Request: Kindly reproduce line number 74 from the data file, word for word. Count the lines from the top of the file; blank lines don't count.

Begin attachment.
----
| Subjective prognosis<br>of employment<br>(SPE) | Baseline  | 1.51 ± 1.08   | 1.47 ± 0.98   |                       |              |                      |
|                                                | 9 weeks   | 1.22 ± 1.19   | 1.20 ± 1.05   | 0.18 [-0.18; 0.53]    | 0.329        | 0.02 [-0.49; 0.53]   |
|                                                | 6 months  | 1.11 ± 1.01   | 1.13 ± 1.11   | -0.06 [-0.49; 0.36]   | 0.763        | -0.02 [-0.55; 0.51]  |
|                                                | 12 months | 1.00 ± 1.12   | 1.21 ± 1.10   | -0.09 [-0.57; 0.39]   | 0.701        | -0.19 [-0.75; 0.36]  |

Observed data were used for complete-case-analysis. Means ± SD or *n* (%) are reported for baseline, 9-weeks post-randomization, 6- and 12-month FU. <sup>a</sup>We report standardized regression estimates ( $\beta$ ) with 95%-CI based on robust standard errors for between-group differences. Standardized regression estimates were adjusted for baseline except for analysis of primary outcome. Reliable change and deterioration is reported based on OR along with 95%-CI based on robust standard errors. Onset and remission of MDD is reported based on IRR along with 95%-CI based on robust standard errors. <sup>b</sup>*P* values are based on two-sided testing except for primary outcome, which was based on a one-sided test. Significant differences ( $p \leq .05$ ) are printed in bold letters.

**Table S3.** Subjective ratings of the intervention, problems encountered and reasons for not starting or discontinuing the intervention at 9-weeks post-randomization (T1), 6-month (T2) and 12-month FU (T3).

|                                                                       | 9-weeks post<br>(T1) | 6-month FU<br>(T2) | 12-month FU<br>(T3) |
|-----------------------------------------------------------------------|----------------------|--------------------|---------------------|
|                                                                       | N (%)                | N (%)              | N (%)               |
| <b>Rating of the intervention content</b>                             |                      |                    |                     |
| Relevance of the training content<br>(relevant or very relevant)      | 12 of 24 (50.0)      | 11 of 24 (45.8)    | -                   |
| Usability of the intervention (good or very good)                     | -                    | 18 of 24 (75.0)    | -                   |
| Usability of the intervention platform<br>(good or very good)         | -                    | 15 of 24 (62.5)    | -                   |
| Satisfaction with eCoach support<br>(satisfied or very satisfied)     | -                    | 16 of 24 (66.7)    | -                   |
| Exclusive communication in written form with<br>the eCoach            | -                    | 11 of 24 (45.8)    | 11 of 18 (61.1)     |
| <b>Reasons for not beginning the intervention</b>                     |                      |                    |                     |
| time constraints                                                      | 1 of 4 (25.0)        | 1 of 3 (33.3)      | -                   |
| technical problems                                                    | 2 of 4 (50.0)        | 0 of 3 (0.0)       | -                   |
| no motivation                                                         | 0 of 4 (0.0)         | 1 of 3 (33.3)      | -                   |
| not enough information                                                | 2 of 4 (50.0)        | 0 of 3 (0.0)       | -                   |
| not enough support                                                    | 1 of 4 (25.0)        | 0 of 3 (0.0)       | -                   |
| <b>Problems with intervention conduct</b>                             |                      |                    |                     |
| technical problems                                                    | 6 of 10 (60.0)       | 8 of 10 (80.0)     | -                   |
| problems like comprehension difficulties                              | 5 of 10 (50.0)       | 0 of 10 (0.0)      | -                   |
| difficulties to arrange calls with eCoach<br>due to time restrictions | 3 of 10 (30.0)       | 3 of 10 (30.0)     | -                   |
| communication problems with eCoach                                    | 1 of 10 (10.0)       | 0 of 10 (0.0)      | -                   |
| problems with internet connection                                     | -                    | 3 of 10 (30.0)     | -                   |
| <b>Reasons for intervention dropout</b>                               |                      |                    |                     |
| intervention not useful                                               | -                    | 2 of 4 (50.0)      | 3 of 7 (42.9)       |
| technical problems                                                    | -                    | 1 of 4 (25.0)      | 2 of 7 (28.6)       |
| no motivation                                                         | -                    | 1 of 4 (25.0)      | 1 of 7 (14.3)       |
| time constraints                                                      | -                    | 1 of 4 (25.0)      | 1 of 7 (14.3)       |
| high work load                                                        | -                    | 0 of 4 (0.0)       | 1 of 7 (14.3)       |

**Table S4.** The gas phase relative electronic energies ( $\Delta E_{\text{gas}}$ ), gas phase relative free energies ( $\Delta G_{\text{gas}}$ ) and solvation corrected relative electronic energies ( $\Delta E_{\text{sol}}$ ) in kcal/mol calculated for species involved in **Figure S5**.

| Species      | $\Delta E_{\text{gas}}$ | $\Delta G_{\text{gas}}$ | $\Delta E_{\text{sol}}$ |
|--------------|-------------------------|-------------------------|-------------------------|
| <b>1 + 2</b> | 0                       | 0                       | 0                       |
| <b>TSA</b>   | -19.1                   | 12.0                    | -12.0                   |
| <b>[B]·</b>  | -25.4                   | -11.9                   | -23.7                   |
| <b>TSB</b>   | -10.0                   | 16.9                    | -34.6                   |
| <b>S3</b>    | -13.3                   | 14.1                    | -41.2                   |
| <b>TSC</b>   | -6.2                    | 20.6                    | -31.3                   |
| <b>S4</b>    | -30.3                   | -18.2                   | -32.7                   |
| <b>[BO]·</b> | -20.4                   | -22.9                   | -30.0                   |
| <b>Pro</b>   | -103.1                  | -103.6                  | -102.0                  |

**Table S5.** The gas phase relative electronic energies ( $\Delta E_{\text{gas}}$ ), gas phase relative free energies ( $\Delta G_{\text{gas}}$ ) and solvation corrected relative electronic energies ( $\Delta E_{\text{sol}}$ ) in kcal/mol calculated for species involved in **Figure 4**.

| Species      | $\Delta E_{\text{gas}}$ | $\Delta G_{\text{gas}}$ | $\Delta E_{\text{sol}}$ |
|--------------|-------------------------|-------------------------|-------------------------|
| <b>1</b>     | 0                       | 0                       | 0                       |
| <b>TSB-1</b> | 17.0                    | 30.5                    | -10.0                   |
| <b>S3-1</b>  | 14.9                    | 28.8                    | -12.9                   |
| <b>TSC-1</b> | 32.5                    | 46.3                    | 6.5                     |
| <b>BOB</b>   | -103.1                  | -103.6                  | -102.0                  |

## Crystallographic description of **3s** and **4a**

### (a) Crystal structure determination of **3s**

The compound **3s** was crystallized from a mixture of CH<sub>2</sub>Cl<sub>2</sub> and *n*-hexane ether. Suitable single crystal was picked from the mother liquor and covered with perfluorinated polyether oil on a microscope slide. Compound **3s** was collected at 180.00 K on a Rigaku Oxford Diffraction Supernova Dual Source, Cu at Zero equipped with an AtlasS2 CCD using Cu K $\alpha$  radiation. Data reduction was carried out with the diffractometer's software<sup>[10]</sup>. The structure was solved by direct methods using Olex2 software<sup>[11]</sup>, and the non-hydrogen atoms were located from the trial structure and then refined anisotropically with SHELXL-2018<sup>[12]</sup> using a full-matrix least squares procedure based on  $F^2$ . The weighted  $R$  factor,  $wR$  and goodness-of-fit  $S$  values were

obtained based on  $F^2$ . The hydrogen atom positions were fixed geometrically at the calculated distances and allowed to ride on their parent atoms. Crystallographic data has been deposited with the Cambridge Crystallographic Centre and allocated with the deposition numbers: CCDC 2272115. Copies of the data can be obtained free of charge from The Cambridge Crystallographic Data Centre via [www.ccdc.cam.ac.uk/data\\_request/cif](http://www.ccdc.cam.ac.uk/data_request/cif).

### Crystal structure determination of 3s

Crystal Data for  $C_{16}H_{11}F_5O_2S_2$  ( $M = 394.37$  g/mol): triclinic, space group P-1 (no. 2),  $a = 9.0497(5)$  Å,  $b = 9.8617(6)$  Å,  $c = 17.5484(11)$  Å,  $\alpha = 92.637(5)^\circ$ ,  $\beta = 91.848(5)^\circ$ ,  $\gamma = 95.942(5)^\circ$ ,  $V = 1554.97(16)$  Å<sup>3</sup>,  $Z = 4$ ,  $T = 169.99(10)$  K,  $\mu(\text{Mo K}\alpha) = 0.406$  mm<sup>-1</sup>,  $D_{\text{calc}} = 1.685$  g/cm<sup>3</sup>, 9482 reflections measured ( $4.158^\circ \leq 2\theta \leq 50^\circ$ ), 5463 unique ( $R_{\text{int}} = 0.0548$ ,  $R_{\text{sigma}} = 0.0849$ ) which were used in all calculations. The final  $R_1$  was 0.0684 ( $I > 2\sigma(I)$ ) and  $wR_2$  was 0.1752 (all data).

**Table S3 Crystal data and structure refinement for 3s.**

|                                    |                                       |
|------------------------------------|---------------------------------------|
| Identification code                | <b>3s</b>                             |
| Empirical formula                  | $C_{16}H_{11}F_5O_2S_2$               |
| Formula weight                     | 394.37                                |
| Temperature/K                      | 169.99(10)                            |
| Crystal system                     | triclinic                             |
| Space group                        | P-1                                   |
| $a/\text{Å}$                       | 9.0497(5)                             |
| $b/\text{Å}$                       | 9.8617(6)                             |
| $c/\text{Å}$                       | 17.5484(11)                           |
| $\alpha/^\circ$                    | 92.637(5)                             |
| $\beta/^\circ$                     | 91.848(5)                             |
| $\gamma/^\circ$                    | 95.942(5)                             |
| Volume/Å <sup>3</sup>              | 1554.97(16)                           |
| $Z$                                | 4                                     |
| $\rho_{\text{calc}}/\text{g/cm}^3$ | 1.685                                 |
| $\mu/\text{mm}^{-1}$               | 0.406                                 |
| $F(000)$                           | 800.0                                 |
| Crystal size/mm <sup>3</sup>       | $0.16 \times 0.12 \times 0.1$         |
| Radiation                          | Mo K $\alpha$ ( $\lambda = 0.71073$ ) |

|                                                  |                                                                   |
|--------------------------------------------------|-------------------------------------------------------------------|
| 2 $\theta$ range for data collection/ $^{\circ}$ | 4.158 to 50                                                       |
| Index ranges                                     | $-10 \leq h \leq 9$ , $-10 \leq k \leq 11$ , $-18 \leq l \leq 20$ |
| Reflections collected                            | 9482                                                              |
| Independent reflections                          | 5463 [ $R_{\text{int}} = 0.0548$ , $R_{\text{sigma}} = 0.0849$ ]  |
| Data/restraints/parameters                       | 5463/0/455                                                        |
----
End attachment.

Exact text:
| $\gamma/^\circ$                    | 95.942(5)                             |